Referring back to the FIG. 1, the shredder 10 comprises a closure. A “closure” is defined as a device that may be selectively positioned to prevent shredded materials from discharged from the output opening 16. The closure generally provides a mechanical method of closing a door or flap on the lower side of the shredder mechanism 20 in response to a predetermined operational condition of the shredder 10. For example, in an embodiment, the predetermined operational condition of the shredder 10 may include when the shredder housing 12 and container 19 are moved out of an operative position relative to each other. That is, when the container 19 is pulled outwardly from frame 18, the container 19 is moved out of an operative position relative to the shredder housing 12. In an embodiment, the shredder housing 12 may be removed from the frame 18 (e.g., lifted from being atop the container), thus moving itself and the shredder mechanism 20 out of an operative position relative to the frame 18. Additionally, the closure assists in preventing shredded materials from falling into the frame 18 or a surface (e.g., floor) surrounding the shredder 10.

More specifically, the closure may be selectively positioned from a first position to a second position to open or close the output opening 16 of the shredder housing 12 so that shredded materials are permitted or prevented from being discharged from the output opening 16. For example, as noted above, when waste bins or containers 19 are typically emptied, the cutting elements 21 of shredder mechanism 20 may have shredded materials (e.g., particles of waste or trash) caught therein. Thus, when the container 19 is pulled from frame 18, the shredder mechanism 20 may be agitated and the waste particles originally stuck in the cutting elements 21 may become dislodged and fall into housing of frame 18 and/or the area surrounding the shredder 10 (e.g., the floor). Users or consumers using shredders having a pull out waste bin in particular do not expect this type of mess and difficulty when emptying the bin. In particular, users do not want waste particles falling when the bin is not in a position to catch them (i.e., when the container 19 is not under the shredder housing 12). However, the closure, whose embodiments are further described herein, addresses this type of annoying waste particle mess problem by preventing the shredded materials (waste) in or adjacent the shredder mechanism 20 from being discharged during the waste bin emptying process.

Generally, the closure is described throughout the specification as being in an open position or a closed position. An open position is defined as a first position wherein the closure is positioned such that it is adjacent or near the output opening without substantially blocking shredded materials from being discharged therefrom, i.e., allowing shredded materials to be deposited into the container or waste bin. A closed position is defined as a second position wherein the closure is positioned such that it is substantially over or covering the output opening of the shredder housing to prevent shredded materials from being discharged therefrom. Generally, the closure is designed to be in an open position when the shredder 10 is enabled and in an operative position ready for use. For example, when the shredder mechanism 20 and cutter elements 21 are activated such that they are shredding materials placed in the input opening 14, the closure is in an open position.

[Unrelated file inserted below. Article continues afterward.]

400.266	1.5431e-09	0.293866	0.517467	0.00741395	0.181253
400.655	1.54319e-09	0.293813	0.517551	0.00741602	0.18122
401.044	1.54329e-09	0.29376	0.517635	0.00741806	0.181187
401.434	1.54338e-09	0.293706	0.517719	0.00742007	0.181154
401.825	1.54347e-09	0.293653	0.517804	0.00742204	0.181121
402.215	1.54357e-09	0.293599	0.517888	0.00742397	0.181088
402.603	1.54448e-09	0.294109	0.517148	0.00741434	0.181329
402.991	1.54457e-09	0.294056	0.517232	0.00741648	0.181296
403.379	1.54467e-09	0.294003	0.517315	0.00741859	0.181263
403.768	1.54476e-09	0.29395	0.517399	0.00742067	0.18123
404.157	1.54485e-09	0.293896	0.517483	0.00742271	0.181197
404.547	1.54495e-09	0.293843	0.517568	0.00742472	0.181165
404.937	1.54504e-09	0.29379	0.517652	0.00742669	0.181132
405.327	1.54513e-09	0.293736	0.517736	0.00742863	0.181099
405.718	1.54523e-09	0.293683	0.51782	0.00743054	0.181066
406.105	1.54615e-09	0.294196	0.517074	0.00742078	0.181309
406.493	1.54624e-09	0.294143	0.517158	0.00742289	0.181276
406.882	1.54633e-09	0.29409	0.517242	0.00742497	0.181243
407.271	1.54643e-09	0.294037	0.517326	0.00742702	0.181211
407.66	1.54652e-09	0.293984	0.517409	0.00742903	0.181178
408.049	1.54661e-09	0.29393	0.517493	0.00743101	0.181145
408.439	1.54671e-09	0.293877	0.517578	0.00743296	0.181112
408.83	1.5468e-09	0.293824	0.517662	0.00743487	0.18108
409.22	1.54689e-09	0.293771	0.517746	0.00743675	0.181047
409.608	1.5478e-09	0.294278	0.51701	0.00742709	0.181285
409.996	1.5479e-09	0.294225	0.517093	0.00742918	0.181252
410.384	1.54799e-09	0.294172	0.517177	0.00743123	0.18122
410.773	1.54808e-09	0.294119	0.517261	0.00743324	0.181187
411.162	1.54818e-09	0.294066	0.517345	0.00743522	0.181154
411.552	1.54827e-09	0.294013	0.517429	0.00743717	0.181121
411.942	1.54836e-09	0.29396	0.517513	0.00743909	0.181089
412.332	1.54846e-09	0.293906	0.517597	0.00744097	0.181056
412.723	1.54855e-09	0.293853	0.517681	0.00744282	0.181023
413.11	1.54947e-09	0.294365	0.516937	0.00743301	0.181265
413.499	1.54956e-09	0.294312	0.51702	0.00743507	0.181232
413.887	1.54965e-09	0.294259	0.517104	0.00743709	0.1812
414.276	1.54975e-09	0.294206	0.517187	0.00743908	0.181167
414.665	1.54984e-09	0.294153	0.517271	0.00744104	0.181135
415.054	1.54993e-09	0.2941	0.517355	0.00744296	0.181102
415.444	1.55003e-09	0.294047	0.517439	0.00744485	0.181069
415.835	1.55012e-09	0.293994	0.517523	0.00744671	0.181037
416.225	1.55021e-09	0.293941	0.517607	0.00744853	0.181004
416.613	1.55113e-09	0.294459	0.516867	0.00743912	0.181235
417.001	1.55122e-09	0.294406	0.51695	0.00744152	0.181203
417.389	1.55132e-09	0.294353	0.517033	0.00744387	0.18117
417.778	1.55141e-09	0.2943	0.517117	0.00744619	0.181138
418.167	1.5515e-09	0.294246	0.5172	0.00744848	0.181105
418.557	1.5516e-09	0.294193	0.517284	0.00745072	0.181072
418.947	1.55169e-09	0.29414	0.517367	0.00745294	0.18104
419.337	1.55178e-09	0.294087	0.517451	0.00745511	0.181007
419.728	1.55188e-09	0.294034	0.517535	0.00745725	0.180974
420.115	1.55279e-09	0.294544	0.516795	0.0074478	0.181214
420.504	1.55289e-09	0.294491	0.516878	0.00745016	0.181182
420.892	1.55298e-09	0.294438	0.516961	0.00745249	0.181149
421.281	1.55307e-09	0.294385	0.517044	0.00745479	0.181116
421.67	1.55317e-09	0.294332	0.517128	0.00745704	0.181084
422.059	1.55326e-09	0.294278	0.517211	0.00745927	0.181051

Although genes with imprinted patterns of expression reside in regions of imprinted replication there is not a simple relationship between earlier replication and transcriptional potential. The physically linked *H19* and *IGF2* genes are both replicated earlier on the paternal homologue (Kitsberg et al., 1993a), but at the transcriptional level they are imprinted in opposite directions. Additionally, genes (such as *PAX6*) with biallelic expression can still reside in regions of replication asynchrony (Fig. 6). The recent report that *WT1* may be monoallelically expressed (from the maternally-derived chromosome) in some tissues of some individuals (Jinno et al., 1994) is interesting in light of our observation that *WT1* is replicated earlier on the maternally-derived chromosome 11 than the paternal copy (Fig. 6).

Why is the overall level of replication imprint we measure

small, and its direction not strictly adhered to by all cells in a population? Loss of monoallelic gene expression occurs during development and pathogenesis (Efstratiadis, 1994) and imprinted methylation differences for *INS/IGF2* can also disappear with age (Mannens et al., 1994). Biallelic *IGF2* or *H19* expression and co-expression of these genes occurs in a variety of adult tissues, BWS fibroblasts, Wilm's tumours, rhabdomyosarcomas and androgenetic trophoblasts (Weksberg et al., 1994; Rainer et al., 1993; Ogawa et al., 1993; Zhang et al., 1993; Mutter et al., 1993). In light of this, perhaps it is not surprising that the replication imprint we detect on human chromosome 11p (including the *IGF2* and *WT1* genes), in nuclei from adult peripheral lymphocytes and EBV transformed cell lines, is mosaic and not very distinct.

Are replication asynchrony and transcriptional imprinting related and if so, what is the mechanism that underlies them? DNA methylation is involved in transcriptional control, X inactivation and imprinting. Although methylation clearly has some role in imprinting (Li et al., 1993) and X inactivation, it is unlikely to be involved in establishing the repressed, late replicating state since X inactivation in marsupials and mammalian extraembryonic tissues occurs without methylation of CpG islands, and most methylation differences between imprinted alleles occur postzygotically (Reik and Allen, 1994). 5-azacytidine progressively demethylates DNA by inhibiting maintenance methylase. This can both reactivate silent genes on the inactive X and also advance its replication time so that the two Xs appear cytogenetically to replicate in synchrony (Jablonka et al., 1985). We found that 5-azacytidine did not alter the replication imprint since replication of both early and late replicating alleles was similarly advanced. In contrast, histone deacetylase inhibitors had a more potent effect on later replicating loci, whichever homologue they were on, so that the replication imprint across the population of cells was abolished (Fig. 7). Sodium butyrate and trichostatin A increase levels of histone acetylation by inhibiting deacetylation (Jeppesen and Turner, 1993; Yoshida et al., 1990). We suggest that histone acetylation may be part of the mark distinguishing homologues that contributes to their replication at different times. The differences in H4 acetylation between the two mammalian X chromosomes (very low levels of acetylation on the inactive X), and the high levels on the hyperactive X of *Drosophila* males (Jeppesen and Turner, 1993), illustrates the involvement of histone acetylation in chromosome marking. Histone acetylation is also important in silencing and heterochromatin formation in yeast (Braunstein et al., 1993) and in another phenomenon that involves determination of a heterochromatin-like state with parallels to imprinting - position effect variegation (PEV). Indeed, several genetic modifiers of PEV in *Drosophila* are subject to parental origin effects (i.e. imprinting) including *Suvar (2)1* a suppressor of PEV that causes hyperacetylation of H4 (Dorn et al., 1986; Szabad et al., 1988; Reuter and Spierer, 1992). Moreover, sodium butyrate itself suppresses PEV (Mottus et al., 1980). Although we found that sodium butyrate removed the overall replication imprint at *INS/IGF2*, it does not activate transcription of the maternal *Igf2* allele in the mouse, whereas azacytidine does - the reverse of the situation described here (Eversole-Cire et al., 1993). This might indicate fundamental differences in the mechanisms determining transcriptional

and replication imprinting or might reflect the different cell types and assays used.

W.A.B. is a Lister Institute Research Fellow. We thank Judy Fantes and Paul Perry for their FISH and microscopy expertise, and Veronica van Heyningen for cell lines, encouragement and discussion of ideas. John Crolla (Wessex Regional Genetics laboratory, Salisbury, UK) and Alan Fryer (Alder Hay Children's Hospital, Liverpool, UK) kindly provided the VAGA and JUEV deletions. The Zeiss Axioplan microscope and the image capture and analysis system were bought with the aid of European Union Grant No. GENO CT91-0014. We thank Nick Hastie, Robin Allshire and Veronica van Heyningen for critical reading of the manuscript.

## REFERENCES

As noted above, the closure is generally slidably connected to the lower side 15 of the shredder housing 12 and is configured to slide with respect to the output opening 16. The connection or attachment methods may be implemented in any number of ways, some of which are described below. As shown and further described with respect to FIGS. 2, 4, and 6, for example, the closure may be located alongside or adjacent the output opening 16 on the lower side 15 of the shredder housing 12 when in an open position. In an embodiment, the closure may be connected to at least a part of the shredder housing 12. For example, shredder housing 12 may include a guide frame 23 extending from the underside or lower side 15 that partially or substantially surrounds at least the output opening 16. The closure may be connected to or work in cooperation with the guide frame 23. That is, a portion of the closure may be constructed to cooperatively fit with at least a portion of guide frame 23 so that the closure may be guided (e.g., by an actuator) to slide along or with respect to guide frame 23 to be selectively positioned over the output opening 16 to capture shredded materials. Also, in an embodiment, guide frame 23 is designed to extend a length from housing 12 that is capable of holding shredder materials therein without restricting movement of the waste container 19.

As will be further described in the embodiments below of FIGS. 2-10 f, the actuator of the closure is provided to move the closure to a closed position in response to a predetermined operational condition of the shredder. For example, the actuator may be constructed to move or actuate the closure to a closed position in response to disengagement of the container 19 and the shredder housing 12, or when the waste container is moved to a withdrawn position (i.e., moved substantially from beneath the shredder mechanism 20, or, alternatively, from the waste container receiving space of frame 18).